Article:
Netflix has cut 300 more employees – about 3% of its workforce – marking the latest round of major layoffs at the beleaguered streaming giant.
“Ted and I regret not having seen our revenue growth slow sooner so that we could ensure a more gradual readjustment of the business,” read a memo sent to staff Thursday by Netflix co-chiefs Reed Hastings and Ted Sarandos.
Approximately 216 affected personnel were in the United States; 30 employees were cut in Asia-Pacific countries; 53 in Europe, the Middle East and Africa; and 17 in Latin America, the memo says.
“We know that these two sets of layoffs have been very difficult for everyone, creating a lot of anxiety and uncertainty. We plan to return to a more normal course of business in the future. And while we’re downsizing in some areas, we’re also continuing to invest heavily in our content and people: over the next 18 months, our employee base is expected to grow from approximately 1.5,000 to 11.5,000 ”, wrote Hastings and Sarandos.
A Netflix spokesperson said in a statement that the cuts were made so that “streamer costs increase in line with our slower revenue growth.”
In May, Netflix laid off about 150 employees due to “slowing revenue growth” rather than “individual performance,” a Netflix spokesperson said at the time. Of the employees affected last month, 106 were based at Netflix’s Los Angeles office, according to a filing with the California Department of Employment Development. In addition to full-time employees, many of whom were in the animation department, Netflix also cut dozens of contractors working across the company’s social media and publishing channels, including those dedicated to identities under -represented as Strong Black Lead, Con Todo, Most and Netflix Gold.
The staff cuts came shortly after a fresh round of layoffs that resulted in the loss of several contractors and full-time employees working at Tudum, a Netflix fan site run by the company’s marketing division. The company had launched Tudum last December to produce consumer-facing digital content on its own titles like bridgerton, stranger things, Love is blind and Sell sunset.
The move comes as Netflix continues to struggle and respond to an increasingly difficult streaming environment, where it competes with tech giants like Amazon Prime Video and Apple TV+ as well as platforms from studio conglomerates like Disney+, Hulu, Paramount+, HBO Max, and Discovery+. (In Nielsen’s April “State of Play” streaming survey, approximately 46% of respondents said “finding the streaming video content they want to watch is more difficult because there is too much streaming services available”.)
On April 19, Netflix revealed that it had lost 200,000 subscribers in the first quarter of the year, well below its own expectations for subscriber additions. The last time Netflix disclosed a loss of subscribers was in late 2011, and for much of the past decade the company has been seen as a growth story that has led the industry towards a streaming-focused present. The streamer, which has around 222 million subscribers worldwide, also gave a lower forecast for its next quarter, saying it was preparing to lose another 2 million subscribers.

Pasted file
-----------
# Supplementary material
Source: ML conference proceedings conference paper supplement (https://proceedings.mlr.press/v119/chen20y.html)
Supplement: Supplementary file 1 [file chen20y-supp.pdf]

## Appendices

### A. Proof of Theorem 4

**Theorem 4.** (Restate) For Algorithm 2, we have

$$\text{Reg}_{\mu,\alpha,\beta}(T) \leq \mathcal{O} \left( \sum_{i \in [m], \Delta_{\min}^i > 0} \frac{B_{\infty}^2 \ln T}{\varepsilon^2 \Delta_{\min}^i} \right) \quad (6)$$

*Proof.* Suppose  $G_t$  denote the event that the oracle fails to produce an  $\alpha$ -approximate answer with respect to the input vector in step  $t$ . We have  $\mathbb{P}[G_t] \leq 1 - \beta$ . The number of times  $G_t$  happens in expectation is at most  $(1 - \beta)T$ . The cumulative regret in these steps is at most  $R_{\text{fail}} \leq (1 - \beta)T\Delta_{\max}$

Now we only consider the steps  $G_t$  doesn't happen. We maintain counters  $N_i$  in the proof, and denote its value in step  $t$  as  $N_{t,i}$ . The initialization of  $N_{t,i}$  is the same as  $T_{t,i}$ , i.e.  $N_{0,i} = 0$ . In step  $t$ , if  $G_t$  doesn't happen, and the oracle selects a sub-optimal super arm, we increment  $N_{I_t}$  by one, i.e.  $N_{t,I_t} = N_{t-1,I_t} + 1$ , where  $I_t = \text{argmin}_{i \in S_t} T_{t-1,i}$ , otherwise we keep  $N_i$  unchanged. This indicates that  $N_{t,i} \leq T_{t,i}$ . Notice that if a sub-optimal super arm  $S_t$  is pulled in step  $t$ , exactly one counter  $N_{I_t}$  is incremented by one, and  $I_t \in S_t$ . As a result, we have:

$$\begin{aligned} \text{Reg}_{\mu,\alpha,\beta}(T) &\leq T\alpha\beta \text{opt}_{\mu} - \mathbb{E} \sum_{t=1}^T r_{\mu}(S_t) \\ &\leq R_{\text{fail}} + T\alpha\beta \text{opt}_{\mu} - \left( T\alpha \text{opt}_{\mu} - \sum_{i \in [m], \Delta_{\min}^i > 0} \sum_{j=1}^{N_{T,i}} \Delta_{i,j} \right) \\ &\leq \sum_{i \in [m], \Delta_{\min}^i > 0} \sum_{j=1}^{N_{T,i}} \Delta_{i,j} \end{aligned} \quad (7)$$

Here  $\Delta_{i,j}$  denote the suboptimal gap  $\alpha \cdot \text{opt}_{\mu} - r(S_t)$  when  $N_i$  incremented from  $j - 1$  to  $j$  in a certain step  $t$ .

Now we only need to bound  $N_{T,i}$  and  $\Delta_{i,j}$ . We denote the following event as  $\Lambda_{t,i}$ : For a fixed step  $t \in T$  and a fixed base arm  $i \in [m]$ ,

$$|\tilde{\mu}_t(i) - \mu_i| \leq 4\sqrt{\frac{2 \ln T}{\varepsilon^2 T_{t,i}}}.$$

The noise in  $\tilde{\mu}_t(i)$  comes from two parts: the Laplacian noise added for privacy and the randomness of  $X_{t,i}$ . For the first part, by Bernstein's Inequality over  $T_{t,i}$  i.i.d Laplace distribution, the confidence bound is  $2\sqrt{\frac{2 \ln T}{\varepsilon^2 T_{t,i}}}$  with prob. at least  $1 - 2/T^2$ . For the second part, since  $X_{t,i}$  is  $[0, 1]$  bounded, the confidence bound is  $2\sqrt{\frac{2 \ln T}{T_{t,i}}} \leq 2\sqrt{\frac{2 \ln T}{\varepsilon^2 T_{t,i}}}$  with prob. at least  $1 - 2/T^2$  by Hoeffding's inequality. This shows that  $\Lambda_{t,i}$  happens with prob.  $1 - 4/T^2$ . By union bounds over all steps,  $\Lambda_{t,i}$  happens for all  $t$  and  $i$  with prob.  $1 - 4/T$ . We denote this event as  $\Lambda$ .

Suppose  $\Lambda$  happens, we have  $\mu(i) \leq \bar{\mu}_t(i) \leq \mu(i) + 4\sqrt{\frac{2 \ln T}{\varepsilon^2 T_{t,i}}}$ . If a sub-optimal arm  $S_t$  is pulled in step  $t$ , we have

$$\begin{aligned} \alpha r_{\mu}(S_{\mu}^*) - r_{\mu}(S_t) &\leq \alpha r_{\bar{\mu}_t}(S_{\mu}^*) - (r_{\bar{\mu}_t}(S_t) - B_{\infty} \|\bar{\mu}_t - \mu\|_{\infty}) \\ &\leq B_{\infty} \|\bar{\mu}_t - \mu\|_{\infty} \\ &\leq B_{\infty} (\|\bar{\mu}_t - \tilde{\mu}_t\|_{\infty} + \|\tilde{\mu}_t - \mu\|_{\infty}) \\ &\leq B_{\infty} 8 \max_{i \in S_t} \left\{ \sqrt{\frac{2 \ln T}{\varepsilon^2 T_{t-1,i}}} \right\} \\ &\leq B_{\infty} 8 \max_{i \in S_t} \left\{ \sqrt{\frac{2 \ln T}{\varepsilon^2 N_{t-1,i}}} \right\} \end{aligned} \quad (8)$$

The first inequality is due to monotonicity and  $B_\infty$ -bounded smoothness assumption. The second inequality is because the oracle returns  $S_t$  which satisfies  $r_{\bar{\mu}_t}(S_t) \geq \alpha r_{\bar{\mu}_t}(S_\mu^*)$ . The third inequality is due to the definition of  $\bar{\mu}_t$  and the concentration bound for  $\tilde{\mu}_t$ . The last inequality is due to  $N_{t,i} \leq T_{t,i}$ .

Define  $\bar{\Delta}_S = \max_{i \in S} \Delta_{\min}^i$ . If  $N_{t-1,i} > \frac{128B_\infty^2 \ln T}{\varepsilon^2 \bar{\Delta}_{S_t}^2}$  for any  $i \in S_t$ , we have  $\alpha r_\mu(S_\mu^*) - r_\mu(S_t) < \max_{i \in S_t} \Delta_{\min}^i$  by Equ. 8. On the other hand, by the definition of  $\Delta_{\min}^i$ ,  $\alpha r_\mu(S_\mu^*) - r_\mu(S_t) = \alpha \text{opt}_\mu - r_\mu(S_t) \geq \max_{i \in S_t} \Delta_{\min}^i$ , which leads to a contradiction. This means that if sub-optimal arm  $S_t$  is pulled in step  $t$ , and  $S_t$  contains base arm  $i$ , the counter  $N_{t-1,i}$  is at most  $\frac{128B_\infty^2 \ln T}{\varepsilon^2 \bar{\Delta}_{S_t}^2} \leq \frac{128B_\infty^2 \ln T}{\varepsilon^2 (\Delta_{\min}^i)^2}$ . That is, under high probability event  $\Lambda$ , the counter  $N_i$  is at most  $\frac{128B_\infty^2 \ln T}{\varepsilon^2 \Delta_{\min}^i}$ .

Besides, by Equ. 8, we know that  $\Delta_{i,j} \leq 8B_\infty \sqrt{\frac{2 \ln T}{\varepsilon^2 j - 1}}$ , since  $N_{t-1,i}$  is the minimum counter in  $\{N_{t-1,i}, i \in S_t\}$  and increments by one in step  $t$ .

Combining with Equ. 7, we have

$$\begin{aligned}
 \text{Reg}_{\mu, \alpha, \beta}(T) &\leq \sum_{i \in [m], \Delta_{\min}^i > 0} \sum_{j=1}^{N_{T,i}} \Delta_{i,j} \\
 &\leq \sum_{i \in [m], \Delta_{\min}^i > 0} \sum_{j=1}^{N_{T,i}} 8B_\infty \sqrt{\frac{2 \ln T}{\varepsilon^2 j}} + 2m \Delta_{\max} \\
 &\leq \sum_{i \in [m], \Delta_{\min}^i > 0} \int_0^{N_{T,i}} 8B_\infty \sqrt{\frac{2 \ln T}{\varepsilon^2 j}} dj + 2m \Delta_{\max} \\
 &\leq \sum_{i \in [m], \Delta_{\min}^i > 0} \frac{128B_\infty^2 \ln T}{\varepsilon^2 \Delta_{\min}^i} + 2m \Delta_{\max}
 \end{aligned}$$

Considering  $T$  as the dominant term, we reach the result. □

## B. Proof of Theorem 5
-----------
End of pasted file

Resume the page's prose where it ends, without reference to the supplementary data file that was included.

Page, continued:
And he responded by looking for ways to control costs and rekindle subscriber growth.
Asked on a conference call about content spending of around $18 billion for this year, Sarandos said, “We will continue to increase content spending over previous years.” CFO Spencer Neumann added that Netflix is ”reducing” its “content and non-content spend growth” while “continuing to grow our spend and invest aggressively.”
The company also said it was working on ways to crack down on password sharing, noting that 100 million households share the service. And it signaled aggressive expansion outside of its core subscription business model by introducing mobile games – including adaptations of its own series like The Queen’s Bet and Money theft – as well as plans for a cheaper, ad-supported tier. (Netflix’s “basic” subscription plan is currently $9.99 while its “standard” tier is $15.49.)
“We’ve left a big customer segment off the table, which is people who say, ‘Hey, Netflix is too expensive for me and I don’t mind advertising,'” said Sarandos during a June 23 panel at the Cannes Lions with Kara. Swisher. “We add an advertising level; we do not add ads to Netflix as you know today. We’re adding an ad tier for people who say, “Hey, I want a lower price and I’ll watch the ads.”
Since Jan. 3, the first day of trading in 2022, shares of the streaming giant have fallen about 70% from $597.37 per share to $177.39 per share on June 23.
On June 14, the service received a stock downgrade from Benchmark analyst Matthew Harrigan, moving the company from “hold” to “sell” with a price target of $157. A few days earlier, Goldman Sachs analyst Eric Sheridan had downgraded the company from “neutral” to “sell” and reduced his price target for the company from $265 to $186, saying: “We are concerned about the impact of a consumer slump as well as increased levels. competition” from streaming rivals.
Alex Weprin contributed to this report.